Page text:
Crónica de Berlín en World Literature Today

- 26/01/20
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Una versión en inglés de la crónica Citas en Berlín: cuidado con esa gaveta que tiene cucarachas, apareció en espléndida traducción al inglés de Jacqueline Loss en World Literature Today, la revista de la University of Oklahoma.

Publicada inicialmente en español en la revista El Estornudo, allí cuento un viaje a Berlín para entrevistar a Svetlana Aleksiévich con Arcadi Espada, mi primer viaje a Berlín desde que treinta años atrás lo visitaba al otro lado del Muro.

La versión original en español aquí en El Estornudo.

Para continuar leyendo la traducción al inglés haz click en la imagen después del fragmento.

A Date with Svetlana Alexievich in Berlin: or, Smuggling Bugs into Soviet Moscow

By Jorge Ferrer (Translated by Jacqueline Loss)

I hadn’t been back to Berlin since the mid-1980s, but I used to go there quite often as a teenager. In fact, Berlin was the first city I set foot in outside of Cuba. We stopped there on the way to Moscow for what back then was called “habilitation,” meaning the purchase of clothes at the state’s expense so that impoverished Cubans would not look so impoverished when they were seen in foreign lands. There were a couple of stores on Calle Galiano in Havana where travelers were sent as well. In fact, the visit to Galiano was the first leg of the trip. Buying shirts and underpants, ties and moccasins, was a trip unto itself!

The most senior of functionaries like my father—who back then held a position in a bank that was responsible for counting the money that Eastern Bloc countries owed one another—traveled to Berlin to “habilitate” themselves. If you were going to work in the East, you traveled first to Berlin, to East Berlin; if you were going to work in the West, you’d go instead to Paris or Madrid for such purchases. Thanks to that, I was able to see the Wall when it was still standing. I saw it from the front and from the side. And I saw it from above, from the window of an apartment where we stayed on one of the “habilitation” trips, and from where you could also see the West. Later we’ll return to that window, not to look outside, but rather to observe what’s going on inside.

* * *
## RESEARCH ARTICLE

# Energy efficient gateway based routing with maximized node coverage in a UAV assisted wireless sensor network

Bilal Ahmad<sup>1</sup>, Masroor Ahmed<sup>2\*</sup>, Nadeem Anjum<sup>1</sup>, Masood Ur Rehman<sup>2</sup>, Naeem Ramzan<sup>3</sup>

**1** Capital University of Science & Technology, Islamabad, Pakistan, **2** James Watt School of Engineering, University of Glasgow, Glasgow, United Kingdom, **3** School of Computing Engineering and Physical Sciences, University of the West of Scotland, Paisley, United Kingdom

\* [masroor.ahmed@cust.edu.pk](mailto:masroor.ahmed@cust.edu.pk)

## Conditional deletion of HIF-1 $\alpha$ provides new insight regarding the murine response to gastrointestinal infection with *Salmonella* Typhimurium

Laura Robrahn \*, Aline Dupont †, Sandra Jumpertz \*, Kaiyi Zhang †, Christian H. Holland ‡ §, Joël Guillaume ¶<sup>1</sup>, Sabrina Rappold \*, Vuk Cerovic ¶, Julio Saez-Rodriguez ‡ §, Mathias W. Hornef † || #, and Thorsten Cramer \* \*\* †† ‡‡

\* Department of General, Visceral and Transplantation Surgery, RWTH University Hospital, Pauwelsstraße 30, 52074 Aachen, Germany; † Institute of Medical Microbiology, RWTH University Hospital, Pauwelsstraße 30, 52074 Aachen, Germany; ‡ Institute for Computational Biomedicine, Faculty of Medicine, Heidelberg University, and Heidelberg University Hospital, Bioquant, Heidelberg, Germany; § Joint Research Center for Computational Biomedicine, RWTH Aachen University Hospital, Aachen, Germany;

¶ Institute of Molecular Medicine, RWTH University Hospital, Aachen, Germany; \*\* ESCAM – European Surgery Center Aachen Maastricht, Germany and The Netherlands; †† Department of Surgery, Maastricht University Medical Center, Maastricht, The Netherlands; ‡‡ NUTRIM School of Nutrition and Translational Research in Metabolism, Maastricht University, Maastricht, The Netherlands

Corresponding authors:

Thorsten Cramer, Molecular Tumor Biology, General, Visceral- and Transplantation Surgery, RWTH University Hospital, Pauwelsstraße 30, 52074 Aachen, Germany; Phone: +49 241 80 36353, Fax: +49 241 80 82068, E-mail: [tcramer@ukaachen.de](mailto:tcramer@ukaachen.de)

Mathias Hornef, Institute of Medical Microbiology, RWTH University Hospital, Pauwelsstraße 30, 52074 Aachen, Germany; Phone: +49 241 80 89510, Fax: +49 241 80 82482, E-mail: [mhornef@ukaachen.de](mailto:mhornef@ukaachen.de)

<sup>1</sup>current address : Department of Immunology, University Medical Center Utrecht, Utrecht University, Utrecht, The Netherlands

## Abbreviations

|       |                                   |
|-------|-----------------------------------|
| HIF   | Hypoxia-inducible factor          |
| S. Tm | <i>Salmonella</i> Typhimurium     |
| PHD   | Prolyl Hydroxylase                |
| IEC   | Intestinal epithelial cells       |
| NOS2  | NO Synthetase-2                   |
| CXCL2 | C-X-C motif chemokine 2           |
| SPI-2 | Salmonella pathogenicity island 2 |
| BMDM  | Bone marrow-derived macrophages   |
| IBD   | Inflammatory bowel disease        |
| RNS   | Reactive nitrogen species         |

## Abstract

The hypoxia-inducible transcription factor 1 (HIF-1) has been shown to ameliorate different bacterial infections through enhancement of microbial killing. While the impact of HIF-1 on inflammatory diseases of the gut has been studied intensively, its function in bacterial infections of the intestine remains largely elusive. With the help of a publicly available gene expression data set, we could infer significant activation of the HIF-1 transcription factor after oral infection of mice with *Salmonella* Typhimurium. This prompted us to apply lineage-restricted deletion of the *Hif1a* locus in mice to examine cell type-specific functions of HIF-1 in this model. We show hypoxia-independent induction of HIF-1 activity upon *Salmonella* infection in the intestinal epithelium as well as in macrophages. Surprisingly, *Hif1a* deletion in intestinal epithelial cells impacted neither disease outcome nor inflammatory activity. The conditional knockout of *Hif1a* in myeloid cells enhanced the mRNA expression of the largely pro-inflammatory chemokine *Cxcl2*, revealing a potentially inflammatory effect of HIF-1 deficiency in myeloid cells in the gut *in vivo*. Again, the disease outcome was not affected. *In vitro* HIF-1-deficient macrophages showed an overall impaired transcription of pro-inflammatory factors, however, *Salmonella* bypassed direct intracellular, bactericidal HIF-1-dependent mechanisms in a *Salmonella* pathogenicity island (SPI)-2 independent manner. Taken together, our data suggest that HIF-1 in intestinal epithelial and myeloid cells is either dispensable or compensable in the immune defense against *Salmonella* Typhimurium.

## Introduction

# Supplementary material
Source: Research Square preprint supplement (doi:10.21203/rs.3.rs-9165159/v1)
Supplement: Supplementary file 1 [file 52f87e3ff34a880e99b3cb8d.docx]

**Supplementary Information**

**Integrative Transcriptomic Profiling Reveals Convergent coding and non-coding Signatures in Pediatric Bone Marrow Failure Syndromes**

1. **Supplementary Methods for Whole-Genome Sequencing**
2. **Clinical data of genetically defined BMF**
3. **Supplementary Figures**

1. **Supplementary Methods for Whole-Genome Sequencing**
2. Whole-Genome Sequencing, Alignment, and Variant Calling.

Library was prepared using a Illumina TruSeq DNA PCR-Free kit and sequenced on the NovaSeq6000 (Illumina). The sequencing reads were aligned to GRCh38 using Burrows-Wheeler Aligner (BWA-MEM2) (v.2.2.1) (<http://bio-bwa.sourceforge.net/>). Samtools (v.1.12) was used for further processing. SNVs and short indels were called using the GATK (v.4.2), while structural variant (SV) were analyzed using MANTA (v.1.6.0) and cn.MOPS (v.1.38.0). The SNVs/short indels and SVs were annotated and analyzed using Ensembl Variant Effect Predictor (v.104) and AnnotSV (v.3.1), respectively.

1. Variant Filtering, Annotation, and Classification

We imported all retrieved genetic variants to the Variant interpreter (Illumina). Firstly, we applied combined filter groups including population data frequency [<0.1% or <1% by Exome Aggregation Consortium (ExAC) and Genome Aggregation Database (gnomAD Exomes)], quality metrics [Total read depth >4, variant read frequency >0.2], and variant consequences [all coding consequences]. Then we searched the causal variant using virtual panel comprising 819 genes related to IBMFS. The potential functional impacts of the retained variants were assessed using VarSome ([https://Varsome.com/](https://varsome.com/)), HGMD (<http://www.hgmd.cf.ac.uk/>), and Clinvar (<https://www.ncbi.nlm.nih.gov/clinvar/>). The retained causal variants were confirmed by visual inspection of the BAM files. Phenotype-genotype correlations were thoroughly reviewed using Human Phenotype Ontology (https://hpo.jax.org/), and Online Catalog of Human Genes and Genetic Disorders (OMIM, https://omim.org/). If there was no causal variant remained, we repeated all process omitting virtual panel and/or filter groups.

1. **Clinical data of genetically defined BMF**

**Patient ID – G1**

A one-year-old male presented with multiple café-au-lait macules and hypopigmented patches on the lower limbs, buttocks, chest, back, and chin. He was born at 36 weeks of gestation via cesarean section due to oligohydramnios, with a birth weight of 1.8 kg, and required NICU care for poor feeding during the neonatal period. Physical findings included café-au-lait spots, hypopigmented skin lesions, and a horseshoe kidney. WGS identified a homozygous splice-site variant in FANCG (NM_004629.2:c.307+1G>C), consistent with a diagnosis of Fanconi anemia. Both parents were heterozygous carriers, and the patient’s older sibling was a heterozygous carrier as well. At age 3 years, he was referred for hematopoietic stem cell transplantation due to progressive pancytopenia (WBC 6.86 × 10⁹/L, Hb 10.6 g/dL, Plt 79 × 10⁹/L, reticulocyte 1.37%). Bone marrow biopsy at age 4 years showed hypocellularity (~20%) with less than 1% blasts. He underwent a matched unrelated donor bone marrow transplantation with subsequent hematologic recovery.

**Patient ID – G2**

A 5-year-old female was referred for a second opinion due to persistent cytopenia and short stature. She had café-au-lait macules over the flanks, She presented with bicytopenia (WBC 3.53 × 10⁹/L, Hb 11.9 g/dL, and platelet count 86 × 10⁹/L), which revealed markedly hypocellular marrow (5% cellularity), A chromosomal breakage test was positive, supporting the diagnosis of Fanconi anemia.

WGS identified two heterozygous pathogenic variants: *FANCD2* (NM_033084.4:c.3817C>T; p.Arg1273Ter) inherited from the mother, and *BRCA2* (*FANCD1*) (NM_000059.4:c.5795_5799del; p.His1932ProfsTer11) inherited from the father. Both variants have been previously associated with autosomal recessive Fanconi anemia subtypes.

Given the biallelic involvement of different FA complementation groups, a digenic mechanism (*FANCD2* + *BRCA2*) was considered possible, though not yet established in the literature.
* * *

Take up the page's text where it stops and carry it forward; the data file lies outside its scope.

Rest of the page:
It was on a night in East Berlin in 1982 when I discovered that real socialism allowed for the possibility of a table with decent provisions on it. I couldn’t accept anything less now.

I’m still the little savage I was then, and when I enter the apartment on Hussitenstrasse, 5, I go straight to the refrigerator. It’s empty. I have forty-six hours ahead of me in Berlin, an appointment with a lady who can lead me to another, the vague idea of locating the building where I spent my first night in Berlin in 1982. The empty refrigerator vexes me. I hoped to see a yogurt, at least, or a sausage or two. Though I certainly wouldn’t have touched anything. But it was on a night in East Berlin in 1982 when I discovered that real socialism allowed for the possibility of a table with decent provisions on it. I couldn’t accept anything less now.

I go outside and walk along the green space that follows the course of the Wall and its exclusion zone. It’s the Berlin Wall Memorial. The words of the trapeze artist in Wings of Desire come to mind, the film Wim Wenders shot shortly before the city and the world grew up in 1989: “In any case, you can’t get lost. You always end up at the Wall.” “Even when it’s no longer there,” I say to myself as I walk toward the Supersonico on Bernauer Street 71–72. A name for an Italian restaurant that seems particularly suitable for a continued overlapping of past and present, flooding the Berlin air with its accordion sound (…)



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